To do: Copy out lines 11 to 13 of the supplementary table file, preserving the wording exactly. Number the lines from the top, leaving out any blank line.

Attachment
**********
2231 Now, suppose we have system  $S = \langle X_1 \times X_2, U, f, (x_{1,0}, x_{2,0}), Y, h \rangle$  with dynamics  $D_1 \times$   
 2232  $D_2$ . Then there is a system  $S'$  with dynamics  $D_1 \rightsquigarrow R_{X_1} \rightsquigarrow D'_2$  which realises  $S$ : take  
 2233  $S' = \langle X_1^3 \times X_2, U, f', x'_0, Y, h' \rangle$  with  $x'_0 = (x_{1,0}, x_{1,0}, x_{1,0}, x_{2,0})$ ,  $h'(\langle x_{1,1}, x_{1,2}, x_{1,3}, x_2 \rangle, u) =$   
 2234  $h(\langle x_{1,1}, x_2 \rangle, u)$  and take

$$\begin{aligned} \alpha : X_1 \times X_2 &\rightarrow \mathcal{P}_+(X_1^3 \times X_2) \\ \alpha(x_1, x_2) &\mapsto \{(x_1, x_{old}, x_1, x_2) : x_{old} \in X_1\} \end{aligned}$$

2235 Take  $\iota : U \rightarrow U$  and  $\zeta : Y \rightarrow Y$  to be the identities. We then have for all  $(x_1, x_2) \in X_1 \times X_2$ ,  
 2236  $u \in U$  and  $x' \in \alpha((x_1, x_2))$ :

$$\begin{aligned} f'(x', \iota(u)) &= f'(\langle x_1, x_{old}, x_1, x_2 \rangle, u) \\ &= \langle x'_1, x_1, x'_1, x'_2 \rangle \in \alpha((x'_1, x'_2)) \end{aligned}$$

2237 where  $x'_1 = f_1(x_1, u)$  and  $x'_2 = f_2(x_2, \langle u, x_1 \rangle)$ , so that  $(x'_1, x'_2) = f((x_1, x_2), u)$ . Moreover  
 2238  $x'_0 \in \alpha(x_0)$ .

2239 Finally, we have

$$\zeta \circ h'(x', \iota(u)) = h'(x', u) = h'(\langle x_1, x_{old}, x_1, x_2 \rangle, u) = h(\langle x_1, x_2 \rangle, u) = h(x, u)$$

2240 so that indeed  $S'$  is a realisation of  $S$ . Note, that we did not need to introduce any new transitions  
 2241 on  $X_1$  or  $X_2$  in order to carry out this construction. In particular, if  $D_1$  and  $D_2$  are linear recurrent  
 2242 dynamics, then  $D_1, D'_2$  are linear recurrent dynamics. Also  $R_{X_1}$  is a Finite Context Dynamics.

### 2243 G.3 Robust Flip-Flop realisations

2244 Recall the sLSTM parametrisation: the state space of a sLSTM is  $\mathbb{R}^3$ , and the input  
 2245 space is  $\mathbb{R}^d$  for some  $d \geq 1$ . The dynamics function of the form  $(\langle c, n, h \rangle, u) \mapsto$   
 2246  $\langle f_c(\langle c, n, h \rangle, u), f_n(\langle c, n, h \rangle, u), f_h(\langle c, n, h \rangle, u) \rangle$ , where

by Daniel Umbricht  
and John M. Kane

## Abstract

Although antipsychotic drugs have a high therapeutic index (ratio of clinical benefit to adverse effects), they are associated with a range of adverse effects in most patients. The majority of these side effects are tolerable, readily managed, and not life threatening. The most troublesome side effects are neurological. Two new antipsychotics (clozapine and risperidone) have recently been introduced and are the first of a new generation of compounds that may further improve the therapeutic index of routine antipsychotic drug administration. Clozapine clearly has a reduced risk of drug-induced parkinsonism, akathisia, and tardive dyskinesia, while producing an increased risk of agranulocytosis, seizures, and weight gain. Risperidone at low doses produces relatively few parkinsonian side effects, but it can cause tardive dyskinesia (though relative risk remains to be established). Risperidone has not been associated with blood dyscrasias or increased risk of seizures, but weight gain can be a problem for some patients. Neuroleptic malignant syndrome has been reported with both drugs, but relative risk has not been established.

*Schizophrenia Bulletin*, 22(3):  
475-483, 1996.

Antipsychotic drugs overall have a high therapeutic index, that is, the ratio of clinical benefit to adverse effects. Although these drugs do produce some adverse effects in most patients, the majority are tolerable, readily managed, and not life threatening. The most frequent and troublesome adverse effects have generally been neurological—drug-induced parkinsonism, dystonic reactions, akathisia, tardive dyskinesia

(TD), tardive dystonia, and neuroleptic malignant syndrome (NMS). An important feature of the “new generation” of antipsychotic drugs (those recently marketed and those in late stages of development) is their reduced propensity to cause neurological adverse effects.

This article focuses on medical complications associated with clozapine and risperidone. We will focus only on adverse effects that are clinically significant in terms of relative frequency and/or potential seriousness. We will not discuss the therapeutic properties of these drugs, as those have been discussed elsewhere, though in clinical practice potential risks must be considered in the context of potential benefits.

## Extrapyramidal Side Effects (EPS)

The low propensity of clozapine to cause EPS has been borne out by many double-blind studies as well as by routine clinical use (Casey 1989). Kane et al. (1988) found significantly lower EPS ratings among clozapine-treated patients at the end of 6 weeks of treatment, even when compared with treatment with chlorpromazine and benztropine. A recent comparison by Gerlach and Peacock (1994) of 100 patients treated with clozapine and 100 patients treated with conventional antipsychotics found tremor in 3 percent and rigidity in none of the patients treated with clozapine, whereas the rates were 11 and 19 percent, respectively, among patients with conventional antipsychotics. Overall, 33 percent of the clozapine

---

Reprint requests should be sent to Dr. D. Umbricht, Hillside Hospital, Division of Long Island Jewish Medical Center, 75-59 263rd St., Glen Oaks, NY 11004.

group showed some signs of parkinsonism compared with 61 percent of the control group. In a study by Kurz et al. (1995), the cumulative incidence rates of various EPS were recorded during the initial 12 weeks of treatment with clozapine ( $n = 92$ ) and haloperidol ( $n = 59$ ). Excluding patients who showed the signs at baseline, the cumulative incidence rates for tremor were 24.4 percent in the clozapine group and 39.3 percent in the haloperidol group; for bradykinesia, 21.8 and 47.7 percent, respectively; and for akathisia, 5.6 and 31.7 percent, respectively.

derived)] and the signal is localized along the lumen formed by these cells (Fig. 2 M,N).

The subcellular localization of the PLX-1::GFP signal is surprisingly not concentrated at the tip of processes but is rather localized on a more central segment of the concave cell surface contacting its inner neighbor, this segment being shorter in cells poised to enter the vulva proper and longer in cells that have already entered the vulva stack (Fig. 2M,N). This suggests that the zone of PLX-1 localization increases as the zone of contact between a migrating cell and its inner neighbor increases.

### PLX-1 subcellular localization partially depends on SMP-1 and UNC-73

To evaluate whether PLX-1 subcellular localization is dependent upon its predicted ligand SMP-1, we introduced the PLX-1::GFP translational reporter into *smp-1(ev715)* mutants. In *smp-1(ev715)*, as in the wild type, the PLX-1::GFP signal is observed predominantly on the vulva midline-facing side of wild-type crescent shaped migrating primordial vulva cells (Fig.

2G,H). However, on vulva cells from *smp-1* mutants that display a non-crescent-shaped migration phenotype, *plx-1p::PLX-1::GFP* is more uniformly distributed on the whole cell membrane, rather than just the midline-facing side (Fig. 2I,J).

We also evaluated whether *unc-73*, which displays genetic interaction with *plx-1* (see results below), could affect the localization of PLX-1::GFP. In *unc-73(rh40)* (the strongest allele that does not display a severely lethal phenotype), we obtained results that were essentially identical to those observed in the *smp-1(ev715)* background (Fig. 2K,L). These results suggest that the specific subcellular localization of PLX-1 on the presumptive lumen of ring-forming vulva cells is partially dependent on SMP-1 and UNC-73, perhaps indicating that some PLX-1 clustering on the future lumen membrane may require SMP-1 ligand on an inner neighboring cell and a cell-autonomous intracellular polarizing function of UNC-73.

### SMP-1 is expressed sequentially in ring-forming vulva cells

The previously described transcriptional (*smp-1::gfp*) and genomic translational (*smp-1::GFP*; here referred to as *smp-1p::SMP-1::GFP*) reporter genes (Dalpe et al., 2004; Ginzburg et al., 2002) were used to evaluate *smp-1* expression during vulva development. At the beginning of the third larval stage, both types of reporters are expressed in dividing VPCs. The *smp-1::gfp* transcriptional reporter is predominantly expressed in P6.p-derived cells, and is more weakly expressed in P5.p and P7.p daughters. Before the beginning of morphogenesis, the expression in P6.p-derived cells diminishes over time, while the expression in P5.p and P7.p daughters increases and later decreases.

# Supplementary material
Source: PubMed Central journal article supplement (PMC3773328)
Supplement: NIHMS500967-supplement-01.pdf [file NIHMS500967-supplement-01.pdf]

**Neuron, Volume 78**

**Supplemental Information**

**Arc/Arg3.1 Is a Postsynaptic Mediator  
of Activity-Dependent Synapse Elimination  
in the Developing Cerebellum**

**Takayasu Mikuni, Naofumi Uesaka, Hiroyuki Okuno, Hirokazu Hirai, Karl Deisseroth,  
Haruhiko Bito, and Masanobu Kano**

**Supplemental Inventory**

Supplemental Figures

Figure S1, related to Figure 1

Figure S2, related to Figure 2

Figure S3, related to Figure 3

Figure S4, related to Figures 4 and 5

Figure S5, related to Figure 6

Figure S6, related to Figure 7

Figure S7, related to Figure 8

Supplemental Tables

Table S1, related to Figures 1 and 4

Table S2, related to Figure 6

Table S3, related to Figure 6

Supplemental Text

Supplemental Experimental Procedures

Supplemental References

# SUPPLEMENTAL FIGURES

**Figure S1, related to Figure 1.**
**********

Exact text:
2239 Finally, we have

$$\zeta \circ h'(x', \iota(u)) = h'(x', u) = h'(\langle x_1, x_{old}, x_1, x_2 \rangle, u) = h(\langle x_1, x_2 \rangle, u) = h(x, u)$$

2240 so that indeed  $S'$  is a realisation of  $S$ . Note, that we did not need to introduce any new transitions  